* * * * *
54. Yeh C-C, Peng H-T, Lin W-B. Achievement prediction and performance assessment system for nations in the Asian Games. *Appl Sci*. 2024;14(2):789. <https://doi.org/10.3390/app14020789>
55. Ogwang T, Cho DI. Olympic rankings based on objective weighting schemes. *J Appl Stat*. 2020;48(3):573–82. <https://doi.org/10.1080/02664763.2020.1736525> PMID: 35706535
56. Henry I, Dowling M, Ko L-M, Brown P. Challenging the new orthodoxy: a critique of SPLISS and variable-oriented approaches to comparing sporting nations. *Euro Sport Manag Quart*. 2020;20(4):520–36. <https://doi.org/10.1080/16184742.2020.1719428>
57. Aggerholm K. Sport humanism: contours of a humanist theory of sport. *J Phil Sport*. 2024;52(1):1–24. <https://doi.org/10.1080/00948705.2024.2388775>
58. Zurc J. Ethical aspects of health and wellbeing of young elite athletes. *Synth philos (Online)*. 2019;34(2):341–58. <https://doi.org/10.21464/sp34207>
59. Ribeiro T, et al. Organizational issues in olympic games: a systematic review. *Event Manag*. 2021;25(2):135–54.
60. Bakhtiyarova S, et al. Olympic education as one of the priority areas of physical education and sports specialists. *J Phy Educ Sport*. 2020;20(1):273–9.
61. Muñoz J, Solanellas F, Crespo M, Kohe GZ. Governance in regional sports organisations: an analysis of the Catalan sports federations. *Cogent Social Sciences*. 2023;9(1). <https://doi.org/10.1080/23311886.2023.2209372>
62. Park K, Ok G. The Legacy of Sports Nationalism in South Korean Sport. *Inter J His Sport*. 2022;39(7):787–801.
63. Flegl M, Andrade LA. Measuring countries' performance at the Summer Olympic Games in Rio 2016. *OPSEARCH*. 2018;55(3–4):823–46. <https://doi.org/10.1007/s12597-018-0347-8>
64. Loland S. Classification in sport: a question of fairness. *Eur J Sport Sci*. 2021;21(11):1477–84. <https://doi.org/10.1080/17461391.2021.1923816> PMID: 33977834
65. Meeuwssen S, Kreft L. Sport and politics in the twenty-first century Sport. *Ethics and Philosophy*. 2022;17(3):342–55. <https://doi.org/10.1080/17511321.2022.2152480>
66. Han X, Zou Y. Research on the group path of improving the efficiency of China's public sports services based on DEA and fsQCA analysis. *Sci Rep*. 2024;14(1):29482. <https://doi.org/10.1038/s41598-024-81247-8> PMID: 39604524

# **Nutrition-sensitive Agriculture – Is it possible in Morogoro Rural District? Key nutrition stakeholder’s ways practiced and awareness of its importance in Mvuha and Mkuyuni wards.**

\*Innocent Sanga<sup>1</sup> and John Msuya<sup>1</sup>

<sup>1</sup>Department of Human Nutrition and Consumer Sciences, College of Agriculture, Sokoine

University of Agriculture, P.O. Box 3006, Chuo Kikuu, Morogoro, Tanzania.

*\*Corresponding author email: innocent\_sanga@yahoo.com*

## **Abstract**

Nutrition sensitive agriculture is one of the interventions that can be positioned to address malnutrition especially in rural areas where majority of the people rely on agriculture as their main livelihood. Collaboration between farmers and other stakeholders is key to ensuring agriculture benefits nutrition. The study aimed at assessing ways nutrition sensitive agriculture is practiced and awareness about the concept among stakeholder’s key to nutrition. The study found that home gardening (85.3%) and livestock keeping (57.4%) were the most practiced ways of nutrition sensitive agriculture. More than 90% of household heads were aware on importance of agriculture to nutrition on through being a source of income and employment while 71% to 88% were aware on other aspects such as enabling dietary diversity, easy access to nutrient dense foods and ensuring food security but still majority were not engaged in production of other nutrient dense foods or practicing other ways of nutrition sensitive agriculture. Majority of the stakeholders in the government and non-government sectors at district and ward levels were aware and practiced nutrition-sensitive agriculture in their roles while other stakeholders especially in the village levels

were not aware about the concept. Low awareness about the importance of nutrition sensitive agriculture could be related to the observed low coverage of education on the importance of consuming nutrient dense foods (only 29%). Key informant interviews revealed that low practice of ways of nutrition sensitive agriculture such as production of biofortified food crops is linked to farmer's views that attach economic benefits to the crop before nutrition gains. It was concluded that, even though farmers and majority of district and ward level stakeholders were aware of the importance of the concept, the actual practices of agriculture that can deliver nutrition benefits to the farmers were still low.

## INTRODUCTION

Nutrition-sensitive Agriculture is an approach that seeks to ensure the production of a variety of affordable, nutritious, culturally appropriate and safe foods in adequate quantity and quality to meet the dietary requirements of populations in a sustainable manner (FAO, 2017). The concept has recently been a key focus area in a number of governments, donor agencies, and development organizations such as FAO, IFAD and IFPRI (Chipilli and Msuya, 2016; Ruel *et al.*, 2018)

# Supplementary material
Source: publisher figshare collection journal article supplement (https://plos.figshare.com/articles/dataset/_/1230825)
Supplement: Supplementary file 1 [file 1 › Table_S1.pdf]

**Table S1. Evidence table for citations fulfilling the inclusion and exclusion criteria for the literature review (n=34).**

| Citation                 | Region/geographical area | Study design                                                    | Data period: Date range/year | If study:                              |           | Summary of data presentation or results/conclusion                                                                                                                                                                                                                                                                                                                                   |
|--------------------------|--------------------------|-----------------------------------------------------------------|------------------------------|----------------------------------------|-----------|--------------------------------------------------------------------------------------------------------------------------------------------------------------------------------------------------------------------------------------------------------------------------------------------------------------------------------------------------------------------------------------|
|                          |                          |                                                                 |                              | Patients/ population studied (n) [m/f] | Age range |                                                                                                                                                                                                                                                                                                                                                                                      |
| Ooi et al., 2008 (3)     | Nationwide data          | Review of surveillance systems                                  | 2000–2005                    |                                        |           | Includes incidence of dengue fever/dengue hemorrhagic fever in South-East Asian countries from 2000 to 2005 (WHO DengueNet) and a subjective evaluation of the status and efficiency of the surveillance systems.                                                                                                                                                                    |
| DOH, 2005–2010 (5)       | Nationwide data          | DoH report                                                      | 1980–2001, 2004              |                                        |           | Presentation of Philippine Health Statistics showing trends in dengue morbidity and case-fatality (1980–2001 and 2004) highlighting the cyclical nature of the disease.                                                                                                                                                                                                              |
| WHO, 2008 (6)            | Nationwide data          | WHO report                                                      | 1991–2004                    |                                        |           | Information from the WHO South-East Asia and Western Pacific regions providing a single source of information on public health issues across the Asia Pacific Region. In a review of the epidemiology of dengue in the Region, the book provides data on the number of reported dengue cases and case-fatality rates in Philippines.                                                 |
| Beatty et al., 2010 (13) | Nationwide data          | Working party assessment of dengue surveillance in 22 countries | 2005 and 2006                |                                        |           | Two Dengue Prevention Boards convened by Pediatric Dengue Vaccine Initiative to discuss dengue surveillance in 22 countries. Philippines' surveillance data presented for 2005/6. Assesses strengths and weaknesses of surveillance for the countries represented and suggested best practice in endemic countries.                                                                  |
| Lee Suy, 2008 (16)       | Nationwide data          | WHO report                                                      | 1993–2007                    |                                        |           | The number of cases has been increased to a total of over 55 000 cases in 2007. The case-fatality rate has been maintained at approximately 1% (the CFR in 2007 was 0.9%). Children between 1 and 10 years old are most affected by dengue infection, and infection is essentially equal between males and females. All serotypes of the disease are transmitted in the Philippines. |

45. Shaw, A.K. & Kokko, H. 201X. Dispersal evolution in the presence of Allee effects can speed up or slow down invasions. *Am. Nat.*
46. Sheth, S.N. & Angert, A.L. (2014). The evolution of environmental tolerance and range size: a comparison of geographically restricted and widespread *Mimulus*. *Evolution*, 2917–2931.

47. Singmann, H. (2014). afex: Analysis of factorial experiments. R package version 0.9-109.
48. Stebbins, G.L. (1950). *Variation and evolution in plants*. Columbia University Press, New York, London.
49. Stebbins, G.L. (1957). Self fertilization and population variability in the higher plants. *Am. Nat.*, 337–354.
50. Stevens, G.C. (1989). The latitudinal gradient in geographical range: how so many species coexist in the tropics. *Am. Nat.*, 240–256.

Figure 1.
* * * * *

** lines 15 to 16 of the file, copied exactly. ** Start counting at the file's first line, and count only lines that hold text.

\*Innocent Sanga<sup>1</sup> and John Msuya<sup>1</sup>

<sup>1</sup>Department of Human Nutrition and Consumer Sciences, College of Agriculture, Sokoine